Literature search strategy

A systematic literature search of articles on the prevalence of urinary schistosomiasis in Ebonyi State, Nigeria published between 2006 and 2017 was conducted using Google scholar, PubMed and African Journal Online (AJOL) databases. The search started in July 2016 and was completed in August 2017. The combinations of key words used for the search were ‘prevalence’, ‘urinary schistosomiasis or Schistosoma haematobium infection’, ‘Ebonyi State’ and ‘Nigeria’.

Studies were screened and selected (as per the PRISMA guidelines) if those were published between 2006 and 2017 and included details of the study area in Ebonyi State, study population and prevalence of the infection as determined by microscopy. The studies showed that there are three senatorial zones in Ebonyi State: Ebonyi North comprising Abakaliki, Ebonyi, Ishielu, Ohaukwu and Izzi Local Government Areas (LGAs); Ebonyi Central: Ikwo, Ezza North and Ezza South LGAs; and Ebonyi South: Afikpo North, Afikpo South, Ivo, Ohaozara and Onicha LGAs.

Data extraction and statistical analysis

Articles were screened for duplicates and relevance. From the relevant studies; author, year of publication, study area/senatorial zone, study population and reported prevalence were extracted and subjected to meta-analysis using MetaXL software. Heterogeneity across studies was evaluated using Crochrane Q test and I2 statistics. The random effect model was used to estimate the pooled prevalence at 95% CIs. To deal with the problems of confidence limits and erratic variance when population is small or big, a double arc sine transformation was used. Publication bias was measured using Doi plot and Luis Furuya- Kanamori asymmetry index (LFK index)[11].

Characteristics of included studies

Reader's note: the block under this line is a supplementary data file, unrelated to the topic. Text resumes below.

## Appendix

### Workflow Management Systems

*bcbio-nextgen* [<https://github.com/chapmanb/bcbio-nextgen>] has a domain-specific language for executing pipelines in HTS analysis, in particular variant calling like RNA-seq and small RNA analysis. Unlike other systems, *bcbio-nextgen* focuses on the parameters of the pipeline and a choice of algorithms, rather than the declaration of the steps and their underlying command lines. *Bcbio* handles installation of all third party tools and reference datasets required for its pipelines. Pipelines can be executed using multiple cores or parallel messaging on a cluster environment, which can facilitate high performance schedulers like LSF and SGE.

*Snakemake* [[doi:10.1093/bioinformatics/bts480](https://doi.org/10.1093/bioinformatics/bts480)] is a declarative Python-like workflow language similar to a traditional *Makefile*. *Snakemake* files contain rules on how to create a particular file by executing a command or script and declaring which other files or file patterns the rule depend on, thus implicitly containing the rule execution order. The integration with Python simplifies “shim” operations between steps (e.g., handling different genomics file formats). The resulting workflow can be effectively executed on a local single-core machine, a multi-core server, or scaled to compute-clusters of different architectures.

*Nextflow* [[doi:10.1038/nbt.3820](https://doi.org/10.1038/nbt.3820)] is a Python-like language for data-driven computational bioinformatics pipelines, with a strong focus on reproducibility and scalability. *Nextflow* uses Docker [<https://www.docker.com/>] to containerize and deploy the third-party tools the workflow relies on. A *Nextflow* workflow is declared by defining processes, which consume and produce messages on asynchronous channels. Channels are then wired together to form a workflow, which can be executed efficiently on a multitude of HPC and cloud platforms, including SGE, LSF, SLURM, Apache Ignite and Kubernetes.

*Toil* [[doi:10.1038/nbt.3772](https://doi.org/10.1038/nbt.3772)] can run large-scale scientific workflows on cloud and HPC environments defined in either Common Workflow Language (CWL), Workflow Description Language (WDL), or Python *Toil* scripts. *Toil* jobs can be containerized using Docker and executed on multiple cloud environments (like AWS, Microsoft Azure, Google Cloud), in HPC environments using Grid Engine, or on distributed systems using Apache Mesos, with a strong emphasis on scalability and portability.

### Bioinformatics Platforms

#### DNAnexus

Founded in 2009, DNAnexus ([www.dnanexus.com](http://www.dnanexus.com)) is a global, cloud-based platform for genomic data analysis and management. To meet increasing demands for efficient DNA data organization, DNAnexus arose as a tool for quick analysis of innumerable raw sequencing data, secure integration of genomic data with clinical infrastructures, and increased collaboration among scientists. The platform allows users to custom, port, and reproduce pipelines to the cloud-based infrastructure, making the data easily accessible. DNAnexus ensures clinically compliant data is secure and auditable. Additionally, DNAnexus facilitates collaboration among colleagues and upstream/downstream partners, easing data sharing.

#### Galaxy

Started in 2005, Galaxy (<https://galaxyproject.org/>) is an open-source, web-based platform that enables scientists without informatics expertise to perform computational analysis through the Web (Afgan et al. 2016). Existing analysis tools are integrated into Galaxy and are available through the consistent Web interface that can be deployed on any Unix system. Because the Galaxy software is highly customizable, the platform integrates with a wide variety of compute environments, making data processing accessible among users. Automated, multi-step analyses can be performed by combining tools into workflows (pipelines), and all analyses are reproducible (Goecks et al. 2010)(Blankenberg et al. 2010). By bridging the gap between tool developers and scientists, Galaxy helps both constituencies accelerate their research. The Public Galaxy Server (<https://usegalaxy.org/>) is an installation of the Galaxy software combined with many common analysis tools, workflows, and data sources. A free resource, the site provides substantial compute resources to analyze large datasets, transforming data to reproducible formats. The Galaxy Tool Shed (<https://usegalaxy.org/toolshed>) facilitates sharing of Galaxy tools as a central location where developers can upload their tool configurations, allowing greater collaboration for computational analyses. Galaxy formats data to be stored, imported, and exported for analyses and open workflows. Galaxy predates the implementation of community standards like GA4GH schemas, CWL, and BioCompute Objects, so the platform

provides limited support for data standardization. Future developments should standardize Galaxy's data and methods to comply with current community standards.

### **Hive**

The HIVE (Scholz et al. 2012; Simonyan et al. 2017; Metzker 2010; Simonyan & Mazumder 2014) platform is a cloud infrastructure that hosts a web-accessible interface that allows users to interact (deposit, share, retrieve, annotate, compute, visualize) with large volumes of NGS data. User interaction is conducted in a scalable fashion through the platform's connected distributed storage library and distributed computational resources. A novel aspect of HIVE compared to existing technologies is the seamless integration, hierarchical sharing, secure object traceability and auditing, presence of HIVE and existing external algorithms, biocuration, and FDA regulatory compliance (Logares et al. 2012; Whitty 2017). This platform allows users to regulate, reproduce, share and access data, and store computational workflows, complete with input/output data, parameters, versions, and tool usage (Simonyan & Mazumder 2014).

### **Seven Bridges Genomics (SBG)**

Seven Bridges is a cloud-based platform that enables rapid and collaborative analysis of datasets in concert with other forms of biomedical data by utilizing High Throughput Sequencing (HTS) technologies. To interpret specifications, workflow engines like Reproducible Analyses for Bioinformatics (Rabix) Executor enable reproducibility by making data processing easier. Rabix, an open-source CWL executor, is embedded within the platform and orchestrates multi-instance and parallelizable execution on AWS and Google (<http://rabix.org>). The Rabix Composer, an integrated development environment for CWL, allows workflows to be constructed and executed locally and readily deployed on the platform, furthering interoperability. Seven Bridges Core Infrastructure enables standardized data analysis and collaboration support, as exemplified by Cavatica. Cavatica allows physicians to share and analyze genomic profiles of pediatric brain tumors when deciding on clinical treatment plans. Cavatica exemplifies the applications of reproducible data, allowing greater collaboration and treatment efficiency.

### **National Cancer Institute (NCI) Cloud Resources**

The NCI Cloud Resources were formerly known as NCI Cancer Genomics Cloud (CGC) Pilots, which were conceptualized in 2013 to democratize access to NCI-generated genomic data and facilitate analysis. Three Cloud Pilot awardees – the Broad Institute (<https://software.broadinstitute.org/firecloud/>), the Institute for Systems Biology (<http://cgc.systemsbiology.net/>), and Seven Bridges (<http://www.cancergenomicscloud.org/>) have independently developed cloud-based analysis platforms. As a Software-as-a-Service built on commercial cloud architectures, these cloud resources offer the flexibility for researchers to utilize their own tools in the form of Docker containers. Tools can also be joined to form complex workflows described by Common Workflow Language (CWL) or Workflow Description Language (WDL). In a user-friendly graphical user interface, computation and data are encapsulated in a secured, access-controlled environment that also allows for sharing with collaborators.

The literature search retrieved 26 published articles. After screening, 15 studies were found eligible and included in the final analysis as per the PRISMA guidelines [Figure 1]. The study characteristics are summarized in [Table 1].{Figure 1}{Table 1}

Prevalence of urinary schistosomiasis in Ebonyi State

The overall prevalence of urinary schistosomiasis from the studies selected ranged from 5 to 79%, with a pooled prevalence of 26.02% (95% CI = 17.91–35.04%) [Figure 2]. High heterogeneity was observed across studies (Crochrane’s Q, p = 0; I2 = 99.07%; 95% CI = 98.89–99.23%) and as such subgroup analysis was performed [Table 2]. In the subgroup analysis, for the year of publication, pooled prevalence was highest in 2008 (61.51%; 95% CI = 20.33–97.27%) and least in 2012 (14.86%; 95% CI = 4.59-27.65%). Further subgroup analysis of the State senatorial zones revealed that Ebonyi North had a pooled prevalence of34.57% (95% CI = 10.50–61.32%). This was followed by Ebonyi Central (33.81%; 95% CI= 21.99–46.46%) and Ebonyi South (12.45%; 95% CI= 6.39–19.99%). Prevalence of urinary schistosomiasis was higher for studies with all the age groups (31.33%; 95% CI = 12.75–51.98%) compared to when only school-age children were sampled (25.23%; 95% CI = 15.66–35.93%).{Figure 2}{Table 2}